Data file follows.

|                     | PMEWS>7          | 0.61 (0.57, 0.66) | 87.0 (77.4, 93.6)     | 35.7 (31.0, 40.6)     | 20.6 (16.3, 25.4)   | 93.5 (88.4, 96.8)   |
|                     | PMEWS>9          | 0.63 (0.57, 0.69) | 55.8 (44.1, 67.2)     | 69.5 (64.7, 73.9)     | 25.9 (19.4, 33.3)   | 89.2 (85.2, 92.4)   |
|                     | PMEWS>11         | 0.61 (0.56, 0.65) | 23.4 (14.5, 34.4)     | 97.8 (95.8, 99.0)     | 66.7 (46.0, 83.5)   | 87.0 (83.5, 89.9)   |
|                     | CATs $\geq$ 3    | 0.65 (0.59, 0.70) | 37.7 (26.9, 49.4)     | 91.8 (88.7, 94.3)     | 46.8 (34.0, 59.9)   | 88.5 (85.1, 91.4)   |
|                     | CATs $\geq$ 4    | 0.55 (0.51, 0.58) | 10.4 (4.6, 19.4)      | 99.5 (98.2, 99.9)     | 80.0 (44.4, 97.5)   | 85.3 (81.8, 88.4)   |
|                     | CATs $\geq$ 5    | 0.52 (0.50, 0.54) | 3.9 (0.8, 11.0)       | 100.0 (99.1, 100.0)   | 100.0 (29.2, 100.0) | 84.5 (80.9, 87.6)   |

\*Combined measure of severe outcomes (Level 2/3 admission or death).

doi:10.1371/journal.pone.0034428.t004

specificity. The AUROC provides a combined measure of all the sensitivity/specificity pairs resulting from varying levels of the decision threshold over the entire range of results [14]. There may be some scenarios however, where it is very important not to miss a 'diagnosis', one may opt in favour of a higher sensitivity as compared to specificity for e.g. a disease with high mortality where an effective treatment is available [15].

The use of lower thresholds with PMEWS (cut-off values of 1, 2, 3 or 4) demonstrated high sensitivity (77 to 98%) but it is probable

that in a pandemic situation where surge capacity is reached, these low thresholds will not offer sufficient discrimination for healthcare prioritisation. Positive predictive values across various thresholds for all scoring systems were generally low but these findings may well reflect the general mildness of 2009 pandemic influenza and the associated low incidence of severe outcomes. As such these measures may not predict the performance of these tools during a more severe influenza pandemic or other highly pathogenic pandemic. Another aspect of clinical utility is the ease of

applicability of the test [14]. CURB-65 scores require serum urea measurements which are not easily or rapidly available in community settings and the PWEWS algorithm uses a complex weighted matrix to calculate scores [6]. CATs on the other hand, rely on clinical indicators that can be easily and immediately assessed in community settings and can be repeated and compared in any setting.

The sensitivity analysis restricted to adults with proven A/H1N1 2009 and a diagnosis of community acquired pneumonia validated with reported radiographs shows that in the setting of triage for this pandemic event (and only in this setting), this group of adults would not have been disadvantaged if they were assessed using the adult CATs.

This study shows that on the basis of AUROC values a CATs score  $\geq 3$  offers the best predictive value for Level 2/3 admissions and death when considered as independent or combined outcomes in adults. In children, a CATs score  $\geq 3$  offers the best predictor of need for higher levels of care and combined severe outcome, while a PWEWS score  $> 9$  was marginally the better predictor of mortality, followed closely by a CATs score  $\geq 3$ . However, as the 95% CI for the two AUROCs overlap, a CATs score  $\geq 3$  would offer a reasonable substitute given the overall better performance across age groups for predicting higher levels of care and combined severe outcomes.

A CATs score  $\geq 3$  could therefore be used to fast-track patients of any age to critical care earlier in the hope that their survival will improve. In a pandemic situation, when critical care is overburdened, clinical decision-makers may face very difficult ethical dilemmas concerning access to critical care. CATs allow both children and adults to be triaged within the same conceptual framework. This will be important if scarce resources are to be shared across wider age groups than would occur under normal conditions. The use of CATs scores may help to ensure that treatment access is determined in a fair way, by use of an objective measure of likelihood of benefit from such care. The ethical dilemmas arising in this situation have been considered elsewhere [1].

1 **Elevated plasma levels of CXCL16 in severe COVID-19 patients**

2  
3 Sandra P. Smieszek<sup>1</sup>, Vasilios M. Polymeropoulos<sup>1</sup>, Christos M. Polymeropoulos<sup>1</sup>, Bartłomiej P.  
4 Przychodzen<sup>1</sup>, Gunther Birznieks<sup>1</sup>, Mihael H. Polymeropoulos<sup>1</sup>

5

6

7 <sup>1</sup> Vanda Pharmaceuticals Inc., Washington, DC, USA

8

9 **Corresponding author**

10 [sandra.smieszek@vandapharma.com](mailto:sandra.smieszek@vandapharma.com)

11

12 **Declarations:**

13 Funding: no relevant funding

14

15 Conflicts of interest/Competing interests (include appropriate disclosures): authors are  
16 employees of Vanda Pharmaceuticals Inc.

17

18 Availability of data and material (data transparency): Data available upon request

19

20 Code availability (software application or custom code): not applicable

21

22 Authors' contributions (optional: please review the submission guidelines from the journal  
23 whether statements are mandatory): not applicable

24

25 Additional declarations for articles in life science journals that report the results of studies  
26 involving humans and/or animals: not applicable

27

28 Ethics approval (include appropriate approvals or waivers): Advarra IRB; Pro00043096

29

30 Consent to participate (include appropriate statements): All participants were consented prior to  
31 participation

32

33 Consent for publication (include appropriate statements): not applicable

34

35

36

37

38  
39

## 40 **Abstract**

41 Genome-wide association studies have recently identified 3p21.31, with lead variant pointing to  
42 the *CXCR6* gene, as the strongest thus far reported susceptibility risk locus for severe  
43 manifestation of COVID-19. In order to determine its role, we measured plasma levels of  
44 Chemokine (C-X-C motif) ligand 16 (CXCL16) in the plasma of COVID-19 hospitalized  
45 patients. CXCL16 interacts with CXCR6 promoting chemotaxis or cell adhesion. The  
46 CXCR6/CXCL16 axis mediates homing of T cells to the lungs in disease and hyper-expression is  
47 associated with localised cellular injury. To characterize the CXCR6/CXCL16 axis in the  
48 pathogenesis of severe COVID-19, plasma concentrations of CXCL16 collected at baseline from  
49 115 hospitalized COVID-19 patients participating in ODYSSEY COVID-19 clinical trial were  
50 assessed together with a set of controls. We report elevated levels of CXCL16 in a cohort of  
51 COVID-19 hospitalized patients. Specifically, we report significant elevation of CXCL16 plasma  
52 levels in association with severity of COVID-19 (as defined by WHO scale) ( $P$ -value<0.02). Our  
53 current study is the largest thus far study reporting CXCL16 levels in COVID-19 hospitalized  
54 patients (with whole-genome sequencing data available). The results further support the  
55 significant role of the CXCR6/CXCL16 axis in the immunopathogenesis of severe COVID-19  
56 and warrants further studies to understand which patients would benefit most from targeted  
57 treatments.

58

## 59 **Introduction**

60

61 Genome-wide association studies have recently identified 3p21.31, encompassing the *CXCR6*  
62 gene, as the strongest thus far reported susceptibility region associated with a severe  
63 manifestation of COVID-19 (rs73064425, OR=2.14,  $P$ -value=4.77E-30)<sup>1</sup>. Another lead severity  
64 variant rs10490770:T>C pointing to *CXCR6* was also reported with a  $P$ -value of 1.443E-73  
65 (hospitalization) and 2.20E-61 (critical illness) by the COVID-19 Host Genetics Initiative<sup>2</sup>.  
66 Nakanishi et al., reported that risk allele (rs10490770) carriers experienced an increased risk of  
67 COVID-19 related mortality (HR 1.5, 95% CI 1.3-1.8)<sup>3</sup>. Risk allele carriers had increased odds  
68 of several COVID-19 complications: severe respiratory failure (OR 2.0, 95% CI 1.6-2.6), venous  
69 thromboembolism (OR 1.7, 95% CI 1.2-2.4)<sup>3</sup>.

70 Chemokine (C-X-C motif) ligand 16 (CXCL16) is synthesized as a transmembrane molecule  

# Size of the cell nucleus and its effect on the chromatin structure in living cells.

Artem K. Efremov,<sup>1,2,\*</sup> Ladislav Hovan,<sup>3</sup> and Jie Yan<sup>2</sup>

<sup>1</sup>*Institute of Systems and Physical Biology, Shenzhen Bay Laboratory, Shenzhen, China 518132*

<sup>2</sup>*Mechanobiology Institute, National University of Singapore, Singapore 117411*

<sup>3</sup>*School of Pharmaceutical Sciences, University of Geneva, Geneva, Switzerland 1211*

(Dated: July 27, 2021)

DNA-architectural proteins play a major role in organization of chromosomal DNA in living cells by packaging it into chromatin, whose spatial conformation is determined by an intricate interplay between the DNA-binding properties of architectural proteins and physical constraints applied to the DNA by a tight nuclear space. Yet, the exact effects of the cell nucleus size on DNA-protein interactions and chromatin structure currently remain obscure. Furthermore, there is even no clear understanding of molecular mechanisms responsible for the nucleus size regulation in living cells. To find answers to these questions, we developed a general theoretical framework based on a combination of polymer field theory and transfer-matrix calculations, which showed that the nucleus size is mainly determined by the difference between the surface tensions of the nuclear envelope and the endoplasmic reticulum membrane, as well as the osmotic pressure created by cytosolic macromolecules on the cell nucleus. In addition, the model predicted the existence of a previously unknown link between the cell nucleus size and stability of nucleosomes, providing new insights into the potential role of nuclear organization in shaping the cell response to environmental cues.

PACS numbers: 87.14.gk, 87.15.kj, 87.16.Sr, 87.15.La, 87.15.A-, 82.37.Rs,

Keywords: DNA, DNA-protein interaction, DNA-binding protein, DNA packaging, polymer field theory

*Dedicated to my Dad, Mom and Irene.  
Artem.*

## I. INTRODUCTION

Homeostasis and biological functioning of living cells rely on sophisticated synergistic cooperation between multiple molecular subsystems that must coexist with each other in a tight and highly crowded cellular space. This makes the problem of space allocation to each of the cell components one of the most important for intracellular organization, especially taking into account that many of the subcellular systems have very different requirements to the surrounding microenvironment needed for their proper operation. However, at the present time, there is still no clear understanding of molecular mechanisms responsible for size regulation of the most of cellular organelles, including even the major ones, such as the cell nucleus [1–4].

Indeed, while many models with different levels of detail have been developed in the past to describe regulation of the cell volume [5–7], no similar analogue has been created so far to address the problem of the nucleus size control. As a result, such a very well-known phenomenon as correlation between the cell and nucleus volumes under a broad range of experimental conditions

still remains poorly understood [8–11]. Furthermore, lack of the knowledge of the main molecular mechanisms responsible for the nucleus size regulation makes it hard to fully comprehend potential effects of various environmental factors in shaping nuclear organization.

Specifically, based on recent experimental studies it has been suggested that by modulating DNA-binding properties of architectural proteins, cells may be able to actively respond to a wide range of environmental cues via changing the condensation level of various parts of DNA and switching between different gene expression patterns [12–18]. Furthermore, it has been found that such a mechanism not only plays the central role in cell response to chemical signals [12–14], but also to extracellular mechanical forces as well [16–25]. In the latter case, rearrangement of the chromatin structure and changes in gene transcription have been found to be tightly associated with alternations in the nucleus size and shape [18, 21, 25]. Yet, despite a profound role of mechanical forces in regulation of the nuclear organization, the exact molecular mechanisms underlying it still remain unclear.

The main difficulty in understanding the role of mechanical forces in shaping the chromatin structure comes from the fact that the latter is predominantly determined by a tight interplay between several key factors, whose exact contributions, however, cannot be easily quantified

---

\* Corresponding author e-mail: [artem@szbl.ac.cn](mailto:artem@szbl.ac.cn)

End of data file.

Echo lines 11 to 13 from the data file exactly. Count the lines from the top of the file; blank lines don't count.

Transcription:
that in a pandemic situation where surge capacity is reached, these low thresholds will not offer sufficient discrimination for healthcare prioritisation. Positive predictive values across various thresholds for all scoring systems were generally low but these findings may well reflect the general mildness of 2009 pandemic influenza and the associated low incidence of severe outcomes. As such these measures may not predict the performance of these tools during a more severe influenza pandemic or other highly pathogenic pandemic. Another aspect of clinical utility is the ease of

applicability of the test [14]. CURB-65 scores require serum urea measurements which are not easily or rapidly available in community settings and the PWEWS algorithm uses a complex weighted matrix to calculate scores [6]. CATs on the other hand, rely on clinical indicators that can be easily and immediately assessed in community settings and can be repeated and compared in any setting.

The sensitivity analysis restricted to adults with proven A/H1N1 2009 and a diagnosis of community acquired pneumonia validated with reported radiographs shows that in the setting of triage for this pandemic event (and only in this setting), this group of adults would not have been disadvantaged if they were assessed using the adult CATs.